The interaction of Shipp and Bisio by now has become a wonder. They intertwine around themselves in brilliant ways--and Dickey is right there opening up the rhythmic possibilities in and out of the implied tempo.

Every number has its own way of going about this--poetically, artistically, transcendently. It is brilliant as the art of improvisation. Matthew leads the way with an open inspiration that never flags. The couple of Shipp originals fit perfectly without straying from the path traveled by the trio here. "Sparks" is especially attractive and cool. It's a cut I would play for someone who asked me, "What is Matthew Shipp all about these days?" In around three minutes it states a great deal and then is gone, in ways similar to how Duke was initially limited to short time spans in the days of 78s. It says much in a compact space.

So, at the end of the day, after five listens, I must say this one is a kind of masterpiece. It's one of my favorite Shipp Trio albums. You need a little time to grow into it, or I did (always do) and then it stays with you after the music stops. It's that kind of experience. If you don't know Maestro Shipp's way, and there may be some out there who don't, this is a great place to start. It's a great place to BE, regardless. Get it!

Wednesday, February 12, 2014

Matthew Shipp Trio, Root of Things

If you want to know what's going on, what's really critical in the piano trio zone for the very modern, so-called free jazz, avant garde jazz, whatever name you want to give it, seek no further. Or at least stop for a bit and get your ears into the new one by the Matthew Shipp Trio, Root of Things (Relative Pitch 1022).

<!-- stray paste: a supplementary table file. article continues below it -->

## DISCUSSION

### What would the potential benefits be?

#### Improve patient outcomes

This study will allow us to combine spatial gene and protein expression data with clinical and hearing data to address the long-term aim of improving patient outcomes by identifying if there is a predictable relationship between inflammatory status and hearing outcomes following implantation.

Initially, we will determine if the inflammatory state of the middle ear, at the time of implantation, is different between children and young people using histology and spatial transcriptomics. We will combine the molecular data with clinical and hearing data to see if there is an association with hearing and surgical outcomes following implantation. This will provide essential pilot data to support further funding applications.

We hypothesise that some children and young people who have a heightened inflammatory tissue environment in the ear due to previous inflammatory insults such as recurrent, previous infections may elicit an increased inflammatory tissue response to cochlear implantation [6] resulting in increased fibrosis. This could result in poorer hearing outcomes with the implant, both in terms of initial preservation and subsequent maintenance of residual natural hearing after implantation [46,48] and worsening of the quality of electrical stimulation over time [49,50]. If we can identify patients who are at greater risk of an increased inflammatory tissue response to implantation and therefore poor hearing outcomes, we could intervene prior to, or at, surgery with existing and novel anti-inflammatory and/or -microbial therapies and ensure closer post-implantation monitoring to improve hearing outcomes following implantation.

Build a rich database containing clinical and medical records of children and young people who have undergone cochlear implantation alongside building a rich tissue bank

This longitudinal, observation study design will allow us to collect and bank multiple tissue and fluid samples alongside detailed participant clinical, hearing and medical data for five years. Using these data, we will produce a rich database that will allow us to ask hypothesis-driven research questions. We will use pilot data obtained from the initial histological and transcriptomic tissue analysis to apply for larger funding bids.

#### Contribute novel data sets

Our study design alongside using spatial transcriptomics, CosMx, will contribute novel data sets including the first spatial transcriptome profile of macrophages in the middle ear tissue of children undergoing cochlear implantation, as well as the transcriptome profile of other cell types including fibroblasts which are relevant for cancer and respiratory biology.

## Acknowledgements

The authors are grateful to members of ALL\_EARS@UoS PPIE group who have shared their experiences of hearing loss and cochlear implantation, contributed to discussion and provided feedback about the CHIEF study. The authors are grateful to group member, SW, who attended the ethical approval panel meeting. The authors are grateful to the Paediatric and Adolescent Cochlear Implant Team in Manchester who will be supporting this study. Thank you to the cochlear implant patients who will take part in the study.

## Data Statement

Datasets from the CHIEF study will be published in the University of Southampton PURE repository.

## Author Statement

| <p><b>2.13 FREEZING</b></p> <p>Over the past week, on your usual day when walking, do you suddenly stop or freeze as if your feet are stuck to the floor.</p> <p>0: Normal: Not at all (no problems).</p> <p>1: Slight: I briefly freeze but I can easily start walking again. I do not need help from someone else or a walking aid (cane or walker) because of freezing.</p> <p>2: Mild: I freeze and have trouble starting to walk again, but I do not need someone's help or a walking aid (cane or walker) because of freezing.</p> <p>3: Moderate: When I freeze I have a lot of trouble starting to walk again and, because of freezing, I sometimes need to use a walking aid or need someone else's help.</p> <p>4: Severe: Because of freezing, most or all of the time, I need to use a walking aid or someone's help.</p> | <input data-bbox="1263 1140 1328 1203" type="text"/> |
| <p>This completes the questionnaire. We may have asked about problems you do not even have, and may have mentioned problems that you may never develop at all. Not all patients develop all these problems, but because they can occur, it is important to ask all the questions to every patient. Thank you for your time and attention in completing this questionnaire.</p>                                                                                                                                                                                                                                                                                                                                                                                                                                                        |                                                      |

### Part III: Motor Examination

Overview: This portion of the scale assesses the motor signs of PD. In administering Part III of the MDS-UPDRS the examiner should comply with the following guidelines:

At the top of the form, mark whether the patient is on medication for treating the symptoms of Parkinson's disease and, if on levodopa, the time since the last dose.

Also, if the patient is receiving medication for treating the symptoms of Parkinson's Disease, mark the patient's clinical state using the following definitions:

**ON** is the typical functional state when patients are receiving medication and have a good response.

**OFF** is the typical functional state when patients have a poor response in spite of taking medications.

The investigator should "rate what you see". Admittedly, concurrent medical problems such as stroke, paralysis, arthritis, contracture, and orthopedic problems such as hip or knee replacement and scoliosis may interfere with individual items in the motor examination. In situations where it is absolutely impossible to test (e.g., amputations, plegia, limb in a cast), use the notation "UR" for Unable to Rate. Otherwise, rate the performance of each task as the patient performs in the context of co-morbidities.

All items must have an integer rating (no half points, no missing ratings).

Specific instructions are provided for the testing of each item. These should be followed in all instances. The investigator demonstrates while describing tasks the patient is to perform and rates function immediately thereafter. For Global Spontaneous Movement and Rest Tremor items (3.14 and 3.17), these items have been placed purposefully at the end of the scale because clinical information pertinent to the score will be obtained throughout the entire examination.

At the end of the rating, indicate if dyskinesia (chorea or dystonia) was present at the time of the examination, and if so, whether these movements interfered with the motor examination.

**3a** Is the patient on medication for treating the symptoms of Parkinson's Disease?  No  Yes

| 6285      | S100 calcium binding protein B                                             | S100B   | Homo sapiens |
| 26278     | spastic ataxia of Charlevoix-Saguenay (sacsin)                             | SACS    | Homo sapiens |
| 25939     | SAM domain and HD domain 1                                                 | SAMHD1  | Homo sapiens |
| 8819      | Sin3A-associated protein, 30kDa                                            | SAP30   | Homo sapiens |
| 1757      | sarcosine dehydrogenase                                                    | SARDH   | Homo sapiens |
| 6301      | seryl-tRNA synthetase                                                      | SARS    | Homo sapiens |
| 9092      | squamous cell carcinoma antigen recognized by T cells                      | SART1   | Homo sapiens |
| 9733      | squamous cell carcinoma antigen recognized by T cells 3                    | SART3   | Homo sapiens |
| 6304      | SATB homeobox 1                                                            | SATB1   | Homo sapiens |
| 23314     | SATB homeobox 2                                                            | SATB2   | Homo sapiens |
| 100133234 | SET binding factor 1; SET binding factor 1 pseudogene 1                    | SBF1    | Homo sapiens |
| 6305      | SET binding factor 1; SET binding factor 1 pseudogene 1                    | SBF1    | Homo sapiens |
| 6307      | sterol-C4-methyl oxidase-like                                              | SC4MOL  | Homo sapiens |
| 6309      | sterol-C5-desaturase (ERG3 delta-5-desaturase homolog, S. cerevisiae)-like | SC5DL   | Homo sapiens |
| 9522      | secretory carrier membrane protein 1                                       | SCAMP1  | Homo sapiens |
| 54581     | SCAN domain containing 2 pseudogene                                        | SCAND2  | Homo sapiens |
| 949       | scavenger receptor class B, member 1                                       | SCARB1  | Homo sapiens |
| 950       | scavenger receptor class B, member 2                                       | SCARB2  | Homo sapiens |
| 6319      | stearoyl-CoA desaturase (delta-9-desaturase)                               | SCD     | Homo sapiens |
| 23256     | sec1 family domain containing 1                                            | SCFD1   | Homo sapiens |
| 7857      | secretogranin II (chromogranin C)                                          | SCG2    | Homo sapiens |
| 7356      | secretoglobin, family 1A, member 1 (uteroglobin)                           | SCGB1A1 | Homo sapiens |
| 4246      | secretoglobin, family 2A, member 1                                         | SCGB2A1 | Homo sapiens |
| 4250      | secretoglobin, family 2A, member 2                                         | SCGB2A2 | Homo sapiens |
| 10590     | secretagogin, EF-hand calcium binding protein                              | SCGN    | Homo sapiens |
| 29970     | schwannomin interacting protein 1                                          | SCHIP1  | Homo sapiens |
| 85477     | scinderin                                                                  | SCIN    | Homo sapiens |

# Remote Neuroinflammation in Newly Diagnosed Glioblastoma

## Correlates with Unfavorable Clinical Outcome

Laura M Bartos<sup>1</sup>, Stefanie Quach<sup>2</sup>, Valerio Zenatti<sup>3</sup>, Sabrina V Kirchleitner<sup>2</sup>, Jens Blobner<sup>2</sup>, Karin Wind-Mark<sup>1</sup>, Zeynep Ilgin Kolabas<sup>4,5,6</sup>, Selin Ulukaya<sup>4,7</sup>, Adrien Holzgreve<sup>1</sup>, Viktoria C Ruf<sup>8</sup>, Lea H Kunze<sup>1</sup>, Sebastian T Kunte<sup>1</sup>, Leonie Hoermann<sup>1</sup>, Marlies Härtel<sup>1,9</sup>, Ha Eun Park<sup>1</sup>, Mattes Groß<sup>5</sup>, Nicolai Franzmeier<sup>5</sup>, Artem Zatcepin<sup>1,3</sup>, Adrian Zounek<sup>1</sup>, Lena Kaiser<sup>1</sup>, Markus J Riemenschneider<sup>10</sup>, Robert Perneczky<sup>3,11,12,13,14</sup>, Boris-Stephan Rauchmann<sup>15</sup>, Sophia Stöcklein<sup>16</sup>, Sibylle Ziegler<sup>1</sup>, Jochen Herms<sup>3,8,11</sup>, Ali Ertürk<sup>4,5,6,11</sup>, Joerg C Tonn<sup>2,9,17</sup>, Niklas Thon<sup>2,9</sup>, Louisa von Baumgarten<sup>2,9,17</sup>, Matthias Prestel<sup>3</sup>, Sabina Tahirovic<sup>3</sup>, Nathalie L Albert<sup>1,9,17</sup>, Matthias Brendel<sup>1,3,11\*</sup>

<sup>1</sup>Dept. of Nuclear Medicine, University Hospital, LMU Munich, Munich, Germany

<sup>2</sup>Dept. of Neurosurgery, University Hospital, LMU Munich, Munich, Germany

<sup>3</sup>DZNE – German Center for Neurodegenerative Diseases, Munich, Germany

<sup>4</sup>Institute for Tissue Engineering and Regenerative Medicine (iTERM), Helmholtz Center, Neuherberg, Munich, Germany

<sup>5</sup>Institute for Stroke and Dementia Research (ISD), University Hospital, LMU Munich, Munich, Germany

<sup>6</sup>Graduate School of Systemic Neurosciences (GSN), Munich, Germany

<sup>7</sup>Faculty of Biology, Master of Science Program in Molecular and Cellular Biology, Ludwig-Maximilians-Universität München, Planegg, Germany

What makes me say all that? Matthew Shipp occupies a place at the top of the piano artists of the past decade and he sounds better than ever right now. His compositions and his way of soloing are not an attempt to blow you away with sixteenth-note runs, though he has plenty of technique and he can let loose with torrents. Maestro Shipp focuses on the music, on saying in his very own way what the music can only say. This is pianism of elegance, eloquence and soul. It has tradition but it's channeled to the Shipp vision. Neither static nor automatic-pilot rocketing helter-skelter out to the stratosphere, it is music that builds inside itself and can rocket out and does, but as a product of the ground-laying and years of playing and thinking about it that Matt exemplifies. And the set on this album shows that in a beautiful way. This is a laying down, a laying back and a laying forward, all in the course of the set.